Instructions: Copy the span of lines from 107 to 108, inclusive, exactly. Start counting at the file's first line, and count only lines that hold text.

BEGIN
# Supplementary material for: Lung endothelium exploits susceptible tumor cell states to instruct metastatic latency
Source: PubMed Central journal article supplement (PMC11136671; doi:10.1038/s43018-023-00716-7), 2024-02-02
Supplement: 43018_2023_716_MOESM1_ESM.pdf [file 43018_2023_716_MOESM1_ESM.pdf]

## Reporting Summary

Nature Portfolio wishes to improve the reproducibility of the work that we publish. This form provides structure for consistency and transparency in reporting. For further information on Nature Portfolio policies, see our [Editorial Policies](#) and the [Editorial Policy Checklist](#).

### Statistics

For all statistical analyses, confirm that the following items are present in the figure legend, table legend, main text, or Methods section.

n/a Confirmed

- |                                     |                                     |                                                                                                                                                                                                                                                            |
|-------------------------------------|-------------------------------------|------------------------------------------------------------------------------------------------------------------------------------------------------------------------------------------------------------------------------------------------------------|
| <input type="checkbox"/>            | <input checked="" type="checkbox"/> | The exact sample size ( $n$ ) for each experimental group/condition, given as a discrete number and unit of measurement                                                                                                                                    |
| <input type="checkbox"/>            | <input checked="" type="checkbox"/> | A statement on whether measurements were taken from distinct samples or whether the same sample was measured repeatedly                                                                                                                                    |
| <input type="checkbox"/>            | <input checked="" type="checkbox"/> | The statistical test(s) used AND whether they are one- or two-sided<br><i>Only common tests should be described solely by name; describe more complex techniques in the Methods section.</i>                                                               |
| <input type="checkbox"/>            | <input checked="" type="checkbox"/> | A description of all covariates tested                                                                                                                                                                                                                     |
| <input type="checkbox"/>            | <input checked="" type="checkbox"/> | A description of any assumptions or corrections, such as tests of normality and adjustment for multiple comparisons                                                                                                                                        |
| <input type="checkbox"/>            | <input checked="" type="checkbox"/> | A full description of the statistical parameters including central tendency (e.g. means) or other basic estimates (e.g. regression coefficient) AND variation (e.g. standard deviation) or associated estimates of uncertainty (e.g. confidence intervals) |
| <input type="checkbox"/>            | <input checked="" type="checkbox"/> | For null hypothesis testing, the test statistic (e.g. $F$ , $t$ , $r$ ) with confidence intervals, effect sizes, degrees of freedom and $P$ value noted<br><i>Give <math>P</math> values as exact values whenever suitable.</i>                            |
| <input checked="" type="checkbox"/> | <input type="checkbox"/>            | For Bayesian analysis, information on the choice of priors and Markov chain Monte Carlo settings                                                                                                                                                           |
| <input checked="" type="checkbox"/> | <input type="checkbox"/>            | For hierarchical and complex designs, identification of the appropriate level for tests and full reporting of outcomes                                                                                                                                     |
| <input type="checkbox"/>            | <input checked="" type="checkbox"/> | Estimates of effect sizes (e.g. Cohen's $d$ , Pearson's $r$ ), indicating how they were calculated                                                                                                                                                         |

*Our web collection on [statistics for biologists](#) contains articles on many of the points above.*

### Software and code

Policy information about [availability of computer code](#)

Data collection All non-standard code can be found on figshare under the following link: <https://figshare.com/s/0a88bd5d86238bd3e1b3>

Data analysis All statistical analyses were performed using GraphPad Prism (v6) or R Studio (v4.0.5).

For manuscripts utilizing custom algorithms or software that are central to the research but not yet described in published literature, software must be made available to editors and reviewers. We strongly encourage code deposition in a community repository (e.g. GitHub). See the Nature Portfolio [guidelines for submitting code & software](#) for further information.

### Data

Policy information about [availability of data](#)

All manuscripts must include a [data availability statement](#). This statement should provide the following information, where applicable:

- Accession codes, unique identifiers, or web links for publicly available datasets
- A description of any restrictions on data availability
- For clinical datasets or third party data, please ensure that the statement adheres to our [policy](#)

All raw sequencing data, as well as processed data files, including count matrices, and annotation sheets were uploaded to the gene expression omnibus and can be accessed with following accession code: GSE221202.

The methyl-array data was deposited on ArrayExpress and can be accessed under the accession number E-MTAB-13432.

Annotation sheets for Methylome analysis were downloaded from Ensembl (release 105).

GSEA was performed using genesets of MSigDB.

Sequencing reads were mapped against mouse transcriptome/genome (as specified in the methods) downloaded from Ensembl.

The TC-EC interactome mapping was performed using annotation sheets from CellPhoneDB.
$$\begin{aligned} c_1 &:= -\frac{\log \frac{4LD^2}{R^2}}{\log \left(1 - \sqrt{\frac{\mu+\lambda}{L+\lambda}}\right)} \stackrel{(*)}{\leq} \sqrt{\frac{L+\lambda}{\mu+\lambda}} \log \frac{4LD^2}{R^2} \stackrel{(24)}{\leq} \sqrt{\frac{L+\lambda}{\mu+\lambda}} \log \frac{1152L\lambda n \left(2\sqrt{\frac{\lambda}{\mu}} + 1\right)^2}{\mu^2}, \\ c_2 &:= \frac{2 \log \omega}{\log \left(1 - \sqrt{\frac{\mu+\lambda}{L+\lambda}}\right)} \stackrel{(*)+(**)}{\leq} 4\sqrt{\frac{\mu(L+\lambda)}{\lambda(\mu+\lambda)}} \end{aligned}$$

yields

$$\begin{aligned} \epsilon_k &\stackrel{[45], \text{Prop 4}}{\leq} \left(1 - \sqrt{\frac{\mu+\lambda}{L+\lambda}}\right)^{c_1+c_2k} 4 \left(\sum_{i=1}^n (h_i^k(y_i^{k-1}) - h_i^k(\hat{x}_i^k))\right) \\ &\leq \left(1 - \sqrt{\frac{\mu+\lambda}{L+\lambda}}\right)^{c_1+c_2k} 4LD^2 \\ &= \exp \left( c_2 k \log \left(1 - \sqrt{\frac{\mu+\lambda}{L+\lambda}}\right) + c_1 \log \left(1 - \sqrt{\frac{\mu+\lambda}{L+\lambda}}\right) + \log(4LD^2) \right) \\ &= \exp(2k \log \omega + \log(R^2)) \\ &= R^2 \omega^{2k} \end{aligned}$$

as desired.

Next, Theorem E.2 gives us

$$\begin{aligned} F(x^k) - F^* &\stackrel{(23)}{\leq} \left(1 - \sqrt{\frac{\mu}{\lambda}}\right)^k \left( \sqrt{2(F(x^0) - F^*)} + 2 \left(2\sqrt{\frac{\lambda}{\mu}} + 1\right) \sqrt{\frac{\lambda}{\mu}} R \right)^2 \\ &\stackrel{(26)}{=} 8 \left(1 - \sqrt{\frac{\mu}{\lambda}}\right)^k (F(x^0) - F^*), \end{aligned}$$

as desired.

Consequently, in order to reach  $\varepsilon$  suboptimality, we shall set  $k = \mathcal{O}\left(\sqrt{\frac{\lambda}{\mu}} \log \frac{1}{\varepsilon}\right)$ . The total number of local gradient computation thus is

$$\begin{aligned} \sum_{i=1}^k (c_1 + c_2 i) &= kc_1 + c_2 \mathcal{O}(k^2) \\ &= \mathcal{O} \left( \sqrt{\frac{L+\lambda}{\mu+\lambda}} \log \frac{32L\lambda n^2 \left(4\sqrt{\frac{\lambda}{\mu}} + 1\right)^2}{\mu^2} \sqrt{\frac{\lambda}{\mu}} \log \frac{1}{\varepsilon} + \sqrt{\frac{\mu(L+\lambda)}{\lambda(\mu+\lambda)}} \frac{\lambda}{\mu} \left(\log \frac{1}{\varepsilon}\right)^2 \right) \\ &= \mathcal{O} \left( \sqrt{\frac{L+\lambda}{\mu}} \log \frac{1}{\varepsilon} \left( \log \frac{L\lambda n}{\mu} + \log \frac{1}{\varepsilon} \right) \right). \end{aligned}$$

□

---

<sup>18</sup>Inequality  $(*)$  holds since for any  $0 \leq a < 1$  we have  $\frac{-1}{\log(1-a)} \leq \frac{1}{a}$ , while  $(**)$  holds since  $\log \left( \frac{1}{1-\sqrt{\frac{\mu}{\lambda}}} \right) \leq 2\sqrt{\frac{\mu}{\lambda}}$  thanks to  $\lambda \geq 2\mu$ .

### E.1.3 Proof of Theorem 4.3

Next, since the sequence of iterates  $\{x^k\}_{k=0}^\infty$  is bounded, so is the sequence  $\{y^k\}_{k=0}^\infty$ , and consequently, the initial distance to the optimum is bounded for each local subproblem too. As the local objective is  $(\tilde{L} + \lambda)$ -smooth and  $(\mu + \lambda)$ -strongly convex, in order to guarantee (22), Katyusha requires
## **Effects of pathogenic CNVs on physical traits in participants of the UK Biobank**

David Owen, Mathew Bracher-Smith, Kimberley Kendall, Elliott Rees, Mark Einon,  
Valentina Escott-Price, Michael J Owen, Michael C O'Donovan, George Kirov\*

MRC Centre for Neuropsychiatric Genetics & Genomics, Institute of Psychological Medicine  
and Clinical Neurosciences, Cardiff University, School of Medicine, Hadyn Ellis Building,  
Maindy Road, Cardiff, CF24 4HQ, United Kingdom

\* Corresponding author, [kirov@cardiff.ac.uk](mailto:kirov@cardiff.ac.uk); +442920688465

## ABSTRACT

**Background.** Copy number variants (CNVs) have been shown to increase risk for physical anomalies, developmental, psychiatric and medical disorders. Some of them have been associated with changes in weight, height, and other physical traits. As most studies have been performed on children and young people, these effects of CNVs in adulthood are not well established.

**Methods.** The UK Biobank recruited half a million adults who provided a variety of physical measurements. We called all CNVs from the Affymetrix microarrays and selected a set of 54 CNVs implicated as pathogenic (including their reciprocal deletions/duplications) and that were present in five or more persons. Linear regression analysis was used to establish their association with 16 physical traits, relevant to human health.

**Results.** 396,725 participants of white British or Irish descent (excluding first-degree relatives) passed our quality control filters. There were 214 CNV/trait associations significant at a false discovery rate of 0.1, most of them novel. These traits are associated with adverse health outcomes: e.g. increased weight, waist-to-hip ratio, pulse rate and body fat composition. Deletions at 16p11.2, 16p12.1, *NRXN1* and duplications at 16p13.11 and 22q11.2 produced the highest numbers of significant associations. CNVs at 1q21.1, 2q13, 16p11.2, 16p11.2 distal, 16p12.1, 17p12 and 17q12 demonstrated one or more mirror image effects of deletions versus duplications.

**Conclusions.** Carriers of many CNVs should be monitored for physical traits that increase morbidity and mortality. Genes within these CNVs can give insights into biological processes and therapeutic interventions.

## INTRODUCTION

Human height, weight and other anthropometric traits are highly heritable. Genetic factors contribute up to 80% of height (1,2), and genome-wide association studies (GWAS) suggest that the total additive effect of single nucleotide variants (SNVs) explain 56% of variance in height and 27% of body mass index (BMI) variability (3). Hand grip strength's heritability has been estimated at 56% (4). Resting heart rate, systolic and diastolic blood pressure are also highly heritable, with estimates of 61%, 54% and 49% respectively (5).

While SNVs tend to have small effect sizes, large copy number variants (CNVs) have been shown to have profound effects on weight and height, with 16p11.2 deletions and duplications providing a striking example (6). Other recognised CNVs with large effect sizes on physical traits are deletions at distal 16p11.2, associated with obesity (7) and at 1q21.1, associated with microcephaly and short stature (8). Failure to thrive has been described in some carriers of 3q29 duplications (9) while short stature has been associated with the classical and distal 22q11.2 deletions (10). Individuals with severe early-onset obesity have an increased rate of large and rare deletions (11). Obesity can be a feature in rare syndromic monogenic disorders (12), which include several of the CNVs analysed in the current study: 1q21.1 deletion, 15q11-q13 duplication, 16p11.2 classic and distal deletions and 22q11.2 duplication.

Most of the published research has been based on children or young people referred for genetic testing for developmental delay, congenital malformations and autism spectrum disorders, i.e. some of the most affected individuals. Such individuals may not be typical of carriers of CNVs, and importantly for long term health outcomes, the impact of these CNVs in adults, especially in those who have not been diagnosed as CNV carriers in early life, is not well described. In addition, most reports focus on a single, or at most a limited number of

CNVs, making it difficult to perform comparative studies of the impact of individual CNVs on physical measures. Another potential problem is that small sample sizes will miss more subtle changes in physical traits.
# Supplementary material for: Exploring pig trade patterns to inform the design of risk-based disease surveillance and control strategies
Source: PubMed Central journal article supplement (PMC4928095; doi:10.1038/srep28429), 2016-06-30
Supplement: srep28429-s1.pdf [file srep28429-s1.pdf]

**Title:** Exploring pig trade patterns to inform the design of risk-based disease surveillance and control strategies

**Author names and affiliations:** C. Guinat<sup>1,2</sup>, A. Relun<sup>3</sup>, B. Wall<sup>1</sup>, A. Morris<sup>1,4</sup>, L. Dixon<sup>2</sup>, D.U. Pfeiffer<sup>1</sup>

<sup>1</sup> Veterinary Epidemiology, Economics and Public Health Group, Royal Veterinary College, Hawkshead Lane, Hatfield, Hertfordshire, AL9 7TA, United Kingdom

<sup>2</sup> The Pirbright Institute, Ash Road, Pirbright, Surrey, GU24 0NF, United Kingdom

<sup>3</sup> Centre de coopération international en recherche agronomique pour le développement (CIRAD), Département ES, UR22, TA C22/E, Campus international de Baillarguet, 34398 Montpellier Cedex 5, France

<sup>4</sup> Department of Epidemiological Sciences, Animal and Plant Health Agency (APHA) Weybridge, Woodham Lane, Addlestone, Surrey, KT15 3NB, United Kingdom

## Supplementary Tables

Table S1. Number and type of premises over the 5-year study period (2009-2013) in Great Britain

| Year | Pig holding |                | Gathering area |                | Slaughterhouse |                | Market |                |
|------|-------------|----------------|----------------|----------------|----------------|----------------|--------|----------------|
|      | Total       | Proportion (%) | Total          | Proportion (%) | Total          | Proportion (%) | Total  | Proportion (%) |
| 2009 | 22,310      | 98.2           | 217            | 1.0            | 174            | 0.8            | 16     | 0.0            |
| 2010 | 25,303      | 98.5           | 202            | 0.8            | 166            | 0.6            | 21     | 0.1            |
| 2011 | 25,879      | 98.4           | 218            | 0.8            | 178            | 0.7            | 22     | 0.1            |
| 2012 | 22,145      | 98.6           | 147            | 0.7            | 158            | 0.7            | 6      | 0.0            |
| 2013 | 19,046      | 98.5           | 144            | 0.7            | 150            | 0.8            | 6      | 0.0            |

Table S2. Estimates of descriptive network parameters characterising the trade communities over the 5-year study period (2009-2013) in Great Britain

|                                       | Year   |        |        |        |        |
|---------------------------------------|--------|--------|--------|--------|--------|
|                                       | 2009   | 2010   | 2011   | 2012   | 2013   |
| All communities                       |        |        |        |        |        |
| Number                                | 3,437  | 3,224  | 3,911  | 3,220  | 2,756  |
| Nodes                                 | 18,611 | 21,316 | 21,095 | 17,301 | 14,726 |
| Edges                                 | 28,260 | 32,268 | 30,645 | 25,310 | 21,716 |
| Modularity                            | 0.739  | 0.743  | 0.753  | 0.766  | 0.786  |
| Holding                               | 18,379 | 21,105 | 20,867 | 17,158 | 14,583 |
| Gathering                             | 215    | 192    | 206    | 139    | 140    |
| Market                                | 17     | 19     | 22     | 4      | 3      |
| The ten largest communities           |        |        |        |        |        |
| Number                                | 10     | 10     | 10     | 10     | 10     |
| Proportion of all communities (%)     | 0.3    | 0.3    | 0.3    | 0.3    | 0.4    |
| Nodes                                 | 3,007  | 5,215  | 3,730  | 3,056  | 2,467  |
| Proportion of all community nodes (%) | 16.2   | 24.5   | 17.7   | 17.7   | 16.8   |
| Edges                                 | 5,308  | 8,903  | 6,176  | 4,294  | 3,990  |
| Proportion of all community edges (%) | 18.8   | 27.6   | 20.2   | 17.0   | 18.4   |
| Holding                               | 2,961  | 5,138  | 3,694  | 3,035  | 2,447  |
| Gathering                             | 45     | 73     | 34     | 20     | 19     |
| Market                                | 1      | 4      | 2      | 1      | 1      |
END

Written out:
| Proportion of all community edges (%) | 18.8   | 27.6   | 20.2   | 17.0   | 18.4   |
| Holding                               | 2,961  | 5,138  | 3,694  | 3,035  | 2,447  |